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OSHA: Keeping Employees Safe

Peter Gillespie 

As employers receive more information about the COVID-19 pandemic, they have important questions about how to keep their employees safe at work and what are their legal obligations to do so. While every work environment may be different and the risks may vary to some extent, we have answered some frequently asked questions to provide generally guidance to employers based on requirements that may apply under the Occupational Safety and Health Act of 1970 (“OSHA Act”).

Employers should recognize that in many locations, State or local authorities may be issuing emergency orders or ordinances that would supersede generally applicable OSHA standards or requirements. Also, our understanding of the risks and issues remains evolving. Because recommendations are changing frequently, we intend to provide periodic updates when new information becomes available.

Q:        Are there special OSHA rules for COVID-19 that businesses need to follow?

A:        No. OSHA has provided a guidance document for employers, but, in general, OSHA would base its enforcement on the General Duty Clause of the OSHA Act, which requires employers to provide a workplace that is free from recognized hazards that are causing or likely to cause death or serious physical harm. Employers should look to CDC’s COVID-19 guidance to business.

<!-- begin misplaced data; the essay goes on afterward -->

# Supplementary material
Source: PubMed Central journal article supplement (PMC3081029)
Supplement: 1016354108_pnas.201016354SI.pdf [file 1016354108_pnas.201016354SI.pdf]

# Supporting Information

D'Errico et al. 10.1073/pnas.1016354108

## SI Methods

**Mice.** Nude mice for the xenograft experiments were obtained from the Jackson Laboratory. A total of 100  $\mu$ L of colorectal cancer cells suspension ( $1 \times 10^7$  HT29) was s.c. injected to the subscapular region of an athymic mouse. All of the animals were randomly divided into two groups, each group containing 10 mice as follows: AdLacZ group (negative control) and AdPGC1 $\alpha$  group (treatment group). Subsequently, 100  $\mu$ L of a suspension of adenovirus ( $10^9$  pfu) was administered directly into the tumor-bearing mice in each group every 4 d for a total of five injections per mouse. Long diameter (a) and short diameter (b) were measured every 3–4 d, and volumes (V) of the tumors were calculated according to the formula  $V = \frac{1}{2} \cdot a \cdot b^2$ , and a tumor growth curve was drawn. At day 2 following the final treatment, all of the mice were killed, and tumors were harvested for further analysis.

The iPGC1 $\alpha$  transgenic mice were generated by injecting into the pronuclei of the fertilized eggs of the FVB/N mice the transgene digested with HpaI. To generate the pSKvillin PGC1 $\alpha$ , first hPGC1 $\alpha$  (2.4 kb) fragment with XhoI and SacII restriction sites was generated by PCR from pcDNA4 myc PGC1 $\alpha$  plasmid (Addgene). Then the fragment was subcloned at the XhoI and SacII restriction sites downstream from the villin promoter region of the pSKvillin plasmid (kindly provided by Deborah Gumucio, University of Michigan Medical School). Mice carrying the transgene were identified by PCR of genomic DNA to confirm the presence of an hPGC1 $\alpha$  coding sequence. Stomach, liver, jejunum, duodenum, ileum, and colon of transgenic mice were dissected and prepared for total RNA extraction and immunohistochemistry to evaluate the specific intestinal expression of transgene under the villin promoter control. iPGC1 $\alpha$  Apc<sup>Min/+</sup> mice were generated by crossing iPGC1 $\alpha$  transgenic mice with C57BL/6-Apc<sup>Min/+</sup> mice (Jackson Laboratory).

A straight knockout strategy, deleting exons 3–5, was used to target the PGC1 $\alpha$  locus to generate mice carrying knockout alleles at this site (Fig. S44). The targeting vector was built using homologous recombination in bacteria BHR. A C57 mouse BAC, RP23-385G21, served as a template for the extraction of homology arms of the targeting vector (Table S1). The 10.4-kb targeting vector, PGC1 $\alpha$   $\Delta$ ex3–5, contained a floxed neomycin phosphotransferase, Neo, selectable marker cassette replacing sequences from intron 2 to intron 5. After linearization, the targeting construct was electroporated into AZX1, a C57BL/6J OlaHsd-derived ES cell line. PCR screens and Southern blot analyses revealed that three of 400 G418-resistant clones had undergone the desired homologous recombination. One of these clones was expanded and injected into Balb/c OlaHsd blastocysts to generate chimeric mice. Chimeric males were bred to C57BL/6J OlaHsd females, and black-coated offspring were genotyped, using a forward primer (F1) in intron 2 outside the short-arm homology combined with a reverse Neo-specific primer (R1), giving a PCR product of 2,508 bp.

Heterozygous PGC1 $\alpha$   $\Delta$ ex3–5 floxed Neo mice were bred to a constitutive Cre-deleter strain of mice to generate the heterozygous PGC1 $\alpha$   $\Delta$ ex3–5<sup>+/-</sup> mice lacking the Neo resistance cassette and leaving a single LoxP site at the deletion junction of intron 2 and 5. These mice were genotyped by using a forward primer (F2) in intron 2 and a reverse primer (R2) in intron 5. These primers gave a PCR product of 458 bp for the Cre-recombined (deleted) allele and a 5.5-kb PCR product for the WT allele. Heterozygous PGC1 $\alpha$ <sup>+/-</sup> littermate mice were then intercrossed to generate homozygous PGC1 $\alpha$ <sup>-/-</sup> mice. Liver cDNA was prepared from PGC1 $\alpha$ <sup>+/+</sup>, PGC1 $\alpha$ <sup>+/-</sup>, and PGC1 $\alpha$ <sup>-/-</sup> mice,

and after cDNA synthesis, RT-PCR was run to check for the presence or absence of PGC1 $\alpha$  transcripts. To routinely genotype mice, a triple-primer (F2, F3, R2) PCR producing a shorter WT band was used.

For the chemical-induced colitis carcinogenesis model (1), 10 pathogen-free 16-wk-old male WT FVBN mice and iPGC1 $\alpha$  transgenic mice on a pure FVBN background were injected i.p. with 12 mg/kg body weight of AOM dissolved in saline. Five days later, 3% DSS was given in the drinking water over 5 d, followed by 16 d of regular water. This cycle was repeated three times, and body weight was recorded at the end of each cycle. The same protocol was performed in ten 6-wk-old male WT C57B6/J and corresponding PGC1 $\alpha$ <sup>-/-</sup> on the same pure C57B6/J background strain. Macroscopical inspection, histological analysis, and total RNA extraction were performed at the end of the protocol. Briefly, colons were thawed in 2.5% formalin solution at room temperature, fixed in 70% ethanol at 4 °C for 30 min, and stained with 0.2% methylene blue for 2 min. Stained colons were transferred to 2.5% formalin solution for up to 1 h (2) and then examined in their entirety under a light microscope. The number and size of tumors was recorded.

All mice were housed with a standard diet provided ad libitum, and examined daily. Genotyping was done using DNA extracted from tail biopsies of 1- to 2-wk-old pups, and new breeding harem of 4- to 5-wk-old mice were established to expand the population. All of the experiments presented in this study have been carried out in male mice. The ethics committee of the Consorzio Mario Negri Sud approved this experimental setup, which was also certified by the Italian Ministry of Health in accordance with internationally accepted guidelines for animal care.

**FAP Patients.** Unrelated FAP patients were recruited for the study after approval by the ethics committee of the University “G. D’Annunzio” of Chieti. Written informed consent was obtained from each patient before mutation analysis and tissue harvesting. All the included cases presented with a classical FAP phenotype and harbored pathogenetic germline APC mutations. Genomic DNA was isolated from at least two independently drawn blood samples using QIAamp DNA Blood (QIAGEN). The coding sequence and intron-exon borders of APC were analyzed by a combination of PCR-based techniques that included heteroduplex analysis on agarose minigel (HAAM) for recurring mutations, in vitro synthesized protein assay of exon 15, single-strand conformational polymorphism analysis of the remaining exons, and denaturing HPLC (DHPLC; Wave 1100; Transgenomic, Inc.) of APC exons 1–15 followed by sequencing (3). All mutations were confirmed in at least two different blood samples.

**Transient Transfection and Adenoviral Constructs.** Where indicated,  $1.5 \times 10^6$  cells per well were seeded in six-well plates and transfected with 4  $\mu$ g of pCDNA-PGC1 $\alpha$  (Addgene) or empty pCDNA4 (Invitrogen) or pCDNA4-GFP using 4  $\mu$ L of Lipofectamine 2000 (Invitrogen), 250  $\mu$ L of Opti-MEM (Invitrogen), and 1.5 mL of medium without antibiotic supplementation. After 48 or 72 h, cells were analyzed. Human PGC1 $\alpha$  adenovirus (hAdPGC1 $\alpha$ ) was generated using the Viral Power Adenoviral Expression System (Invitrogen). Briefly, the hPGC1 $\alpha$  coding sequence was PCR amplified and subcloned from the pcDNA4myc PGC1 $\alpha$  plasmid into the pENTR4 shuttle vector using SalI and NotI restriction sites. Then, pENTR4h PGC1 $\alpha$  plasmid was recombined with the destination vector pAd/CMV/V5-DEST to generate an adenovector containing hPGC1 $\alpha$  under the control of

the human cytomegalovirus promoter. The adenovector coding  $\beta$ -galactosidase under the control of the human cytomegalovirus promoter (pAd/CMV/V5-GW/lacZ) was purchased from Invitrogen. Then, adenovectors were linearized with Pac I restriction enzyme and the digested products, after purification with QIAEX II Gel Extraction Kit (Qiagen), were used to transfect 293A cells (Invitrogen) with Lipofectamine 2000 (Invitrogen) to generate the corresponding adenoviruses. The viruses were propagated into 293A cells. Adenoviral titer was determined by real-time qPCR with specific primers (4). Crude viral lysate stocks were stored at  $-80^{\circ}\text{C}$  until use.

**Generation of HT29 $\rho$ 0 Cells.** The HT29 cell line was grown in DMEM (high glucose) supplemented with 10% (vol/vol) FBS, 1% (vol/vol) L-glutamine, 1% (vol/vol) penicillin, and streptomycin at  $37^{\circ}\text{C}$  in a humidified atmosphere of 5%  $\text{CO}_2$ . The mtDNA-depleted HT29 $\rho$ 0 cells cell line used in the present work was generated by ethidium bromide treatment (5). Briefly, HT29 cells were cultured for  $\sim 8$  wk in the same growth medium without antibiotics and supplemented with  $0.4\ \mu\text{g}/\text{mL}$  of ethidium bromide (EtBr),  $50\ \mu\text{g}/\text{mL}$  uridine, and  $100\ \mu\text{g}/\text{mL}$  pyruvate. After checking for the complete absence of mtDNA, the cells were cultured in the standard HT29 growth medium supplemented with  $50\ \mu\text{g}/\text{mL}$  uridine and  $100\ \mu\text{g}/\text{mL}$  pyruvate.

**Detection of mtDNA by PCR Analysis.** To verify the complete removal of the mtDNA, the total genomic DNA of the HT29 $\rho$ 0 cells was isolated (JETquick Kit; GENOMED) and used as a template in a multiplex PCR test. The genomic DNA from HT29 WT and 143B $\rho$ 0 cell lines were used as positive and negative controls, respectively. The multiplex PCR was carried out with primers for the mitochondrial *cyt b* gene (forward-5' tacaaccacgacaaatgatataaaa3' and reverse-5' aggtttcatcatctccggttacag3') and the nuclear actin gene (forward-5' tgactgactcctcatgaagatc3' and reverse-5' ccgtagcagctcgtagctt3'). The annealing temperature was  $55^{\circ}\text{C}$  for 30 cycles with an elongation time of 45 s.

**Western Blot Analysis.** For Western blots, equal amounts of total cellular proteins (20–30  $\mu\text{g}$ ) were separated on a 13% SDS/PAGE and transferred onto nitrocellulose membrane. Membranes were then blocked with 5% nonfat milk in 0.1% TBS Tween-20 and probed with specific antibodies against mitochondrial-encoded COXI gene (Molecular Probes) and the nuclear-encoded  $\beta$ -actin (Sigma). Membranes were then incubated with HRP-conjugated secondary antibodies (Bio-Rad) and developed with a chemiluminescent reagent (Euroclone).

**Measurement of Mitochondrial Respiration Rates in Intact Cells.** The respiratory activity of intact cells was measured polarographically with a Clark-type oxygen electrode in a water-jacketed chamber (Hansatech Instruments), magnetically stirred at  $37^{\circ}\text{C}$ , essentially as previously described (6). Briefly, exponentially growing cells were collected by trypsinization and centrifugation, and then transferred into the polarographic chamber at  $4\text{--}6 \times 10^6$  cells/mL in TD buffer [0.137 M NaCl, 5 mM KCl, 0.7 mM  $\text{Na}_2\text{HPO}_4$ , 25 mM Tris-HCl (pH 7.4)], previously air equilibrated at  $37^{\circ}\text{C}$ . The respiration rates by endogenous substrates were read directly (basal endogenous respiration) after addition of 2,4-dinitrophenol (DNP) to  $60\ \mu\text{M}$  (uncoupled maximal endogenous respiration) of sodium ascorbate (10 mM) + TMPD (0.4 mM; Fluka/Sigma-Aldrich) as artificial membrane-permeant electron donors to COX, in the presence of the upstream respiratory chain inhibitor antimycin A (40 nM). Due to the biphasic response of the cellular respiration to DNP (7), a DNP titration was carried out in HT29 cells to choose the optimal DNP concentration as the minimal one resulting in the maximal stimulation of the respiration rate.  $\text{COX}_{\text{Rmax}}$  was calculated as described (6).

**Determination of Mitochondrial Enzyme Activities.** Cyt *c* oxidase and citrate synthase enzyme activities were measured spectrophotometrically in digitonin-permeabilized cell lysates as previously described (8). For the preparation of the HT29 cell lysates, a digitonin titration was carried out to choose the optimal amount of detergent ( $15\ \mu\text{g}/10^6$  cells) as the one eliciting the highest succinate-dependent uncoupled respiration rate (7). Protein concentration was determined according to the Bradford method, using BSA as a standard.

Per OSHA guidance, employers must assess the respective risk level their work presents; employers in industries or communities with low risk of exposure must prepare differently than employers with medium, high, or very high risk of exposure to known or suspected sources of COVID-19. OSHA has identified healthcare, death care, laboratory, airline, border protection, and solid waste and wastewater management as industries on the higher end of the risk spectrum, and has provided specific recommendations to employers in these industries.

Employers outside of these industries have been advised to:

  • Develop an infectious disease preparedness and response plan;
  • Prepare to implement basic infection prevention measures such as promoting proper hygiene and implementing routine cleaning and disinfecting practices;
  • Develop policies and procedures for prompt identification and isolation of sick people, if appropriate;
  • Develop, implement and communicate about workplace flexibilities and protections; and
  • Implement workplace controls, ranging from physical barriers to protect against the spread of COVID-19 (e., engineering controls) to providing personal protective equipment.

California employers should note that Cal/OSHA released Interim Guidelines for General Industry on 2019 Novel Coronavirus Disease. These guidelines highlight that California requires “employers covered by the Aerosol Transmissible Diseases (ATD) Standard (California Code of Regulations, title 8, section 5199) to protect employees from airborne infectious diseases such as COVID-19 and pathogens transmitted by aerosols.”

Q:        If we have a retail or customer-facing business, should we provide gloves and face masks to our employees?